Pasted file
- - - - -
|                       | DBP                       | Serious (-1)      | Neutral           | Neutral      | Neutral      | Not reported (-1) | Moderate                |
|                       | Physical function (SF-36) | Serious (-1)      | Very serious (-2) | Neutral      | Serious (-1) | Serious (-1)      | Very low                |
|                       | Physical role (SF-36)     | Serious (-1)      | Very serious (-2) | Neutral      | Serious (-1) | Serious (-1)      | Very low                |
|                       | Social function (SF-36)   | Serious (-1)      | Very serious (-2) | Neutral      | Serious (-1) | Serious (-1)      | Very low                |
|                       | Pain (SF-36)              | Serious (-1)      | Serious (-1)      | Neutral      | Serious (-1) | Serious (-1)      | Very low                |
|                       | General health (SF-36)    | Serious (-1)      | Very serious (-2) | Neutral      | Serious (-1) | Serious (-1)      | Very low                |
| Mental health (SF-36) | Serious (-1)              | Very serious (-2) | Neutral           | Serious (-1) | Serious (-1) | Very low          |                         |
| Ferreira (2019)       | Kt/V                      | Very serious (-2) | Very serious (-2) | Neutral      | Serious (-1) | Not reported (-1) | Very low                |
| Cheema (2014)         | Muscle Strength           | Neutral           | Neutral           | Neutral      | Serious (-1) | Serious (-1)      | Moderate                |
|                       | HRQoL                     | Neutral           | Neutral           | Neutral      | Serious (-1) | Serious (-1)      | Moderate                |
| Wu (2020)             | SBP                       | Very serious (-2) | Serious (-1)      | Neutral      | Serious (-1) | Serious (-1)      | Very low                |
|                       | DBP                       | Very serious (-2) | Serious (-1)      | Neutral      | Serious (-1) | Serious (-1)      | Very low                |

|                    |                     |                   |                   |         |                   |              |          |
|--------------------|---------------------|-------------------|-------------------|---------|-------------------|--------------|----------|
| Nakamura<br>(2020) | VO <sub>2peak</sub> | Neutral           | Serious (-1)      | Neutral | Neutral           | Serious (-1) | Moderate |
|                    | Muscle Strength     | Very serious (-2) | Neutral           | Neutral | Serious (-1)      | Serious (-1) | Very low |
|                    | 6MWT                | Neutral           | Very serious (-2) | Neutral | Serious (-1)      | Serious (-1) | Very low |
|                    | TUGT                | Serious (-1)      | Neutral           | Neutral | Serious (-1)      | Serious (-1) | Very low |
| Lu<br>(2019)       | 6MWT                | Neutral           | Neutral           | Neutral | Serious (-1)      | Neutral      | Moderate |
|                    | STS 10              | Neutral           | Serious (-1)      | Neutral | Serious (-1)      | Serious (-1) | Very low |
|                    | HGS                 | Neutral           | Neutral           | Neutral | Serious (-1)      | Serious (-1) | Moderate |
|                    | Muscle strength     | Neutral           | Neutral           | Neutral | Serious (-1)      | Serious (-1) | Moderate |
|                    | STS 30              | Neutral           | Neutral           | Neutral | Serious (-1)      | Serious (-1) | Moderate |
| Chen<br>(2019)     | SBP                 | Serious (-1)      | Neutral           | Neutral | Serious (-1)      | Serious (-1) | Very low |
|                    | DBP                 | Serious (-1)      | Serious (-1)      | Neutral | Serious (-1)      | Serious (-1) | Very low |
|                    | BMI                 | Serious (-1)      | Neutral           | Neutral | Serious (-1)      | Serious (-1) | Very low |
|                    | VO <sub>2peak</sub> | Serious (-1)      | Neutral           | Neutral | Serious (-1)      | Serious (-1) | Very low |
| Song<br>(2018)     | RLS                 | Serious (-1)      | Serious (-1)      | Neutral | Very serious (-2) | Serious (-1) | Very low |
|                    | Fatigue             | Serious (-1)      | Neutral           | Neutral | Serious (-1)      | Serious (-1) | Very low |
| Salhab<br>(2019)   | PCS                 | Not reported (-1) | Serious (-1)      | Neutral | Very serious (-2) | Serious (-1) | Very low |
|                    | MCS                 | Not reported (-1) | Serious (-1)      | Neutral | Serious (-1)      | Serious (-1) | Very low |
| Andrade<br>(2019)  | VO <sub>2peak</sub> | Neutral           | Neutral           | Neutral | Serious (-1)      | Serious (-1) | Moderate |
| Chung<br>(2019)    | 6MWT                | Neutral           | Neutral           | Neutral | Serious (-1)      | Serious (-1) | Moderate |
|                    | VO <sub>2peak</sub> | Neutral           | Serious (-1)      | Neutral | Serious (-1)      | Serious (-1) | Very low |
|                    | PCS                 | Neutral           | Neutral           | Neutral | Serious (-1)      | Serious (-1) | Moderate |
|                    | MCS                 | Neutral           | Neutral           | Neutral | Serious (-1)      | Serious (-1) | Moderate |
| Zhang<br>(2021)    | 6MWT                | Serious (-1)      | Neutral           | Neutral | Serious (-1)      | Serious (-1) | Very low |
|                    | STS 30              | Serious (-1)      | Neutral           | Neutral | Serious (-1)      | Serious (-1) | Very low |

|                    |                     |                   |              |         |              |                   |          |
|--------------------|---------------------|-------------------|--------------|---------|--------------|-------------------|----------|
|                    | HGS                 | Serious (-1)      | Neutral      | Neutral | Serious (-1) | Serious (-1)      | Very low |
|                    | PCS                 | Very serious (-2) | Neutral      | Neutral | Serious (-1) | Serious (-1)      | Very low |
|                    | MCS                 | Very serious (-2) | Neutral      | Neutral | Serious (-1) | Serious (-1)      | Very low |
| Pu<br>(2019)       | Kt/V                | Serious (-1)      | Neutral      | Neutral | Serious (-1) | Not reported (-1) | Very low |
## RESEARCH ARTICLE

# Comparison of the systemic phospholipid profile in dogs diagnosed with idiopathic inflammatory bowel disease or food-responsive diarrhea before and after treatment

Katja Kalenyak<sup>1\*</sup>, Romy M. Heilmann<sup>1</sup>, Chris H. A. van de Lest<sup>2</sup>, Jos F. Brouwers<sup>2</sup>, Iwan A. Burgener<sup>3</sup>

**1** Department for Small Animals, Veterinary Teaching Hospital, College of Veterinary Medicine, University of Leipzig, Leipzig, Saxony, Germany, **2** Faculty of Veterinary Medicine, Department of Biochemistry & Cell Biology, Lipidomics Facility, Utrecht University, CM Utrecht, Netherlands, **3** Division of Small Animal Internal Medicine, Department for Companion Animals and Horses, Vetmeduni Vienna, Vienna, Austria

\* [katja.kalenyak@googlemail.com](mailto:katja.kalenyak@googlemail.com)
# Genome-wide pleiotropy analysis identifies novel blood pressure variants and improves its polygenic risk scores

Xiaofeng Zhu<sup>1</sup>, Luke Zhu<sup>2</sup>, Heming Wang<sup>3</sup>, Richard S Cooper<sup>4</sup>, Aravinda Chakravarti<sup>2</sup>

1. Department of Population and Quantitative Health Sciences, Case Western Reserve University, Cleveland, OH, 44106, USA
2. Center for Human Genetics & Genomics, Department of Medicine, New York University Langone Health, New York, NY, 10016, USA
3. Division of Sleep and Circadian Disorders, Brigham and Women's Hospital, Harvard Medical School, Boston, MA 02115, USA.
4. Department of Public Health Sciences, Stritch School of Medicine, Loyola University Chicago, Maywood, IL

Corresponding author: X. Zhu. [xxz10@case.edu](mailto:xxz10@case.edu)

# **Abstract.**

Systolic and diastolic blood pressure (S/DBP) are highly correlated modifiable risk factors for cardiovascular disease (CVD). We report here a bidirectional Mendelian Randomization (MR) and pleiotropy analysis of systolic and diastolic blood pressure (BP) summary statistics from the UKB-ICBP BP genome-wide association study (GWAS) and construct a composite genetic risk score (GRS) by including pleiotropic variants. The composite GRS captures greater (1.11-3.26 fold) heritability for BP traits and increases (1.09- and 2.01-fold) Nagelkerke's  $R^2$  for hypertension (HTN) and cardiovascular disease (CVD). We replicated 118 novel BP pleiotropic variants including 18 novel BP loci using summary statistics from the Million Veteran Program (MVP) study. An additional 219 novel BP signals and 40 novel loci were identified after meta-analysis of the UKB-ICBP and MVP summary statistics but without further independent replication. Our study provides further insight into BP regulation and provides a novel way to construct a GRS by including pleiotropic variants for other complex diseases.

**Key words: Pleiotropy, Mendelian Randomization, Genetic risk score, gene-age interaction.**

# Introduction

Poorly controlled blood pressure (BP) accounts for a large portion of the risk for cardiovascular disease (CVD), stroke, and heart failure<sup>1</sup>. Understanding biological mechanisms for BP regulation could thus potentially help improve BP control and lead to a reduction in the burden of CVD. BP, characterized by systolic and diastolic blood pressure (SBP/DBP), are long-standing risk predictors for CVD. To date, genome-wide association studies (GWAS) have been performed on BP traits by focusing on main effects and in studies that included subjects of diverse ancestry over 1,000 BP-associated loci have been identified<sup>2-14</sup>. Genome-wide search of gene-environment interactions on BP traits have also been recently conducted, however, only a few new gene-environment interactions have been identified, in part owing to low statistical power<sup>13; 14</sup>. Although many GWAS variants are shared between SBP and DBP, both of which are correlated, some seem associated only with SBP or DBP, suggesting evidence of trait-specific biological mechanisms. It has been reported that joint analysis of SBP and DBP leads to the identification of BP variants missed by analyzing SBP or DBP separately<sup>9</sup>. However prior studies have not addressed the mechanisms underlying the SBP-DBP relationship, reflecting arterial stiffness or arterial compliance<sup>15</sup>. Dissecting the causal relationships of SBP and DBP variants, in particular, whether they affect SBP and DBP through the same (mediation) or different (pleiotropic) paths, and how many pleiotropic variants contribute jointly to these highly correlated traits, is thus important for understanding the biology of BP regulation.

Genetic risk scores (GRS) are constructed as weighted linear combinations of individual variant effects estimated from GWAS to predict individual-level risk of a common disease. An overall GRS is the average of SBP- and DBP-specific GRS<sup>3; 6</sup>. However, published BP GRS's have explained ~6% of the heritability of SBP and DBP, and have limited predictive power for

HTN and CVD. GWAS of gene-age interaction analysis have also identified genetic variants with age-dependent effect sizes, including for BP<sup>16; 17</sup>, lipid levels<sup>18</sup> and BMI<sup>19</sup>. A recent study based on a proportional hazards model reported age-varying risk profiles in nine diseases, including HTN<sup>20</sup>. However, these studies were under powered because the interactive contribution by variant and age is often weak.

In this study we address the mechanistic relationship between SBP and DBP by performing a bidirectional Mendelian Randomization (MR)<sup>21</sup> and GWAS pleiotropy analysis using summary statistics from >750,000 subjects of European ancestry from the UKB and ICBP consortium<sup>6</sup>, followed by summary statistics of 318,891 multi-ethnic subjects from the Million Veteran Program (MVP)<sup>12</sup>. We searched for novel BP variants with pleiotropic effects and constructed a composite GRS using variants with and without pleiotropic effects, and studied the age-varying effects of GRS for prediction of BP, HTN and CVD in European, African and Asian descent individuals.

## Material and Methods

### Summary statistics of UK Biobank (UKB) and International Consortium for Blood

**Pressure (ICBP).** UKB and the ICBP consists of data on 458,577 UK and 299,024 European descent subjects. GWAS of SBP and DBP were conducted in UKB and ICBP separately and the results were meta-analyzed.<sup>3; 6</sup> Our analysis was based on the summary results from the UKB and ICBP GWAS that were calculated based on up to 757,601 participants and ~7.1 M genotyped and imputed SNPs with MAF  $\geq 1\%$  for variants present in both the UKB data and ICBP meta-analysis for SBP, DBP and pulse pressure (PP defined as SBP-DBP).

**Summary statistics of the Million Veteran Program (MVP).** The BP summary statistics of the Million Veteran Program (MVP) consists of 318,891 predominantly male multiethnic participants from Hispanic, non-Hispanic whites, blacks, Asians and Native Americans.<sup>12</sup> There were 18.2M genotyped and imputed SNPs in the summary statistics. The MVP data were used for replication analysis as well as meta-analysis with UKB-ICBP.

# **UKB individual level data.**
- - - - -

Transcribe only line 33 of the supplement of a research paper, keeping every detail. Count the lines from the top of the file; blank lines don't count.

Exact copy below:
| Chung<br>(2019)    | 6MWT                | Neutral           | Neutral           | Neutral | Serious (-1)      | Serious (-1) | Moderate |